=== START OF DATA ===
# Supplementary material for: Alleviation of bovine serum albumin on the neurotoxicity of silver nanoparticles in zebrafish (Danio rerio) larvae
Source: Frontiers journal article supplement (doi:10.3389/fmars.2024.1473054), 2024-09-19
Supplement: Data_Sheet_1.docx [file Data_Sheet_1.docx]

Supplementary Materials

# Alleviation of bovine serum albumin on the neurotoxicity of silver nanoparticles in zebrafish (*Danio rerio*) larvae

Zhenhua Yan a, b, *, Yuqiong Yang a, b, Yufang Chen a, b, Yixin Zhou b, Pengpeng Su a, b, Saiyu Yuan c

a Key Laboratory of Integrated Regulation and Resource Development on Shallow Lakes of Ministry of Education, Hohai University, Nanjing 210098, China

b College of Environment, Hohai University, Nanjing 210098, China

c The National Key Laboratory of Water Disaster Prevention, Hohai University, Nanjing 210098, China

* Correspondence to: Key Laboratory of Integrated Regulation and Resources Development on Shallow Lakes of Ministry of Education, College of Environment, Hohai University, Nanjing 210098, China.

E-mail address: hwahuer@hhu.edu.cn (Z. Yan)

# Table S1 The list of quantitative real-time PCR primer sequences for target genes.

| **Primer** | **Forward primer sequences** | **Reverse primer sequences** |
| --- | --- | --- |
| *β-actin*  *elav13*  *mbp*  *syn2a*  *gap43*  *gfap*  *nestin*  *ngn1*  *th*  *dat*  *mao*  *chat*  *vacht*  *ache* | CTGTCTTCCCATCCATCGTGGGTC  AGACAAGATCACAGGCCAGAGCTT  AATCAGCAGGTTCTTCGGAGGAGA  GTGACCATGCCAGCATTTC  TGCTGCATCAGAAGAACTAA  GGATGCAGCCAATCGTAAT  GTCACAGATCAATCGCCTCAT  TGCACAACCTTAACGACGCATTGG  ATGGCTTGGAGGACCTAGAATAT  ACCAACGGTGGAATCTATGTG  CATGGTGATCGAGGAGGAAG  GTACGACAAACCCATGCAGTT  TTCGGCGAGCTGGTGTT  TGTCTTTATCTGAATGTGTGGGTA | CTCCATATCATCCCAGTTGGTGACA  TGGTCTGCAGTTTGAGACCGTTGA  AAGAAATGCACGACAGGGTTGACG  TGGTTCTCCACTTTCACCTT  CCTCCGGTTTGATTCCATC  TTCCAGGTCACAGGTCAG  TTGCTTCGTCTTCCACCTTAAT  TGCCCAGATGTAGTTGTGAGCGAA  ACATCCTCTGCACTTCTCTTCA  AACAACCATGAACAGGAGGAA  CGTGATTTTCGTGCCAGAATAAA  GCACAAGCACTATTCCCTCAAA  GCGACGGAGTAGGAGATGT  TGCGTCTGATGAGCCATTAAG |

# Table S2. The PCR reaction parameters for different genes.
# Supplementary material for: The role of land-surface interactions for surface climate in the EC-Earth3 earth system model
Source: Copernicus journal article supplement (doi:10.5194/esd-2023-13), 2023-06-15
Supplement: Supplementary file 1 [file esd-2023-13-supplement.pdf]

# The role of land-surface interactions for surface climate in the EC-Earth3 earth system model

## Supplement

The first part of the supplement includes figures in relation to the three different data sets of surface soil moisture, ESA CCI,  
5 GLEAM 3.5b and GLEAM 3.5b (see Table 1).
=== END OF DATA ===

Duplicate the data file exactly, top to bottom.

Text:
# Supplementary material for: Alleviation of bovine serum albumin on the neurotoxicity of silver nanoparticles in zebrafish (Danio rerio) larvae
Source: Frontiers journal article supplement (doi:10.3389/fmars.2024.1473054), 2024-09-19
Supplement: Data_Sheet_1.docx [file Data_Sheet_1.docx]

Supplementary Materials

# Alleviation of bovine serum albumin on the neurotoxicity of silver nanoparticles in zebrafish (*Danio rerio*) larvae

Zhenhua Yan a, b, *, Yuqiong Yang a, b, Yufang Chen a, b, Yixin Zhou b, Pengpeng Su a, b, Saiyu Yuan c

a Key Laboratory of Integrated Regulation and Resource Development on Shallow Lakes of Ministry of Education, Hohai University, Nanjing 210098, China

b College of Environment, Hohai University, Nanjing 210098, China

c The National Key Laboratory of Water Disaster Prevention, Hohai University, Nanjing 210098, China

* Correspondence to: Key Laboratory of Integrated Regulation and Resources Development on Shallow Lakes of Ministry of Education, College of Environment, Hohai University, Nanjing 210098, China.

E-mail address: hwahuer@hhu.edu.cn (Z. Yan)

# Table S1 The list of quantitative real-time PCR primer sequences for target genes.

| **Primer** | **Forward primer sequences** | **Reverse primer sequences** |
| --- | --- | --- |
| *β-actin*  *elav13*  *mbp*  *syn2a*  *gap43*  *gfap*  *nestin*  *ngn1*  *th*  *dat*  *mao*  *chat*  *vacht*  *ache* | CTGTCTTCCCATCCATCGTGGGTC  AGACAAGATCACAGGCCAGAGCTT  AATCAGCAGGTTCTTCGGAGGAGA  GTGACCATGCCAGCATTTC  TGCTGCATCAGAAGAACTAA  GGATGCAGCCAATCGTAAT  GTCACAGATCAATCGCCTCAT  TGCACAACCTTAACGACGCATTGG  ATGGCTTGGAGGACCTAGAATAT  ACCAACGGTGGAATCTATGTG  CATGGTGATCGAGGAGGAAG  GTACGACAAACCCATGCAGTT  TTCGGCGAGCTGGTGTT  TGTCTTTATCTGAATGTGTGGGTA | CTCCATATCATCCCAGTTGGTGACA  TGGTCTGCAGTTTGAGACCGTTGA  AAGAAATGCACGACAGGGTTGACG  TGGTTCTCCACTTTCACCTT  CCTCCGGTTTGATTCCATC  TTCCAGGTCACAGGTCAG  TTGCTTCGTCTTCCACCTTAAT  TGCCCAGATGTAGTTGTGAGCGAA  ACATCCTCTGCACTTCTCTTCA  AACAACCATGAACAGGAGGAA  CGTGATTTTCGTGCCAGAATAAA  GCACAAGCACTATTCCCTCAAA  GCGACGGAGTAGGAGATGT  TGCGTCTGATGAGCCATTAAG |

# Table S2. The PCR reaction parameters for different genes.
# Supplementary material for: The role of land-surface interactions for surface climate in the EC-Earth3 earth system model
Source: Copernicus journal article supplement (doi:10.5194/esd-2023-13), 2023-06-15
Supplement: Supplementary file 1 [file esd-2023-13-supplement.pdf]

# The role of land-surface interactions for surface climate in the EC-Earth3 earth system model

## Supplement

The first part of the supplement includes figures in relation to the three different data sets of surface soil moisture, ESA CCI,  
5 GLEAM 3.5b and GLEAM 3.5b (see Table 1).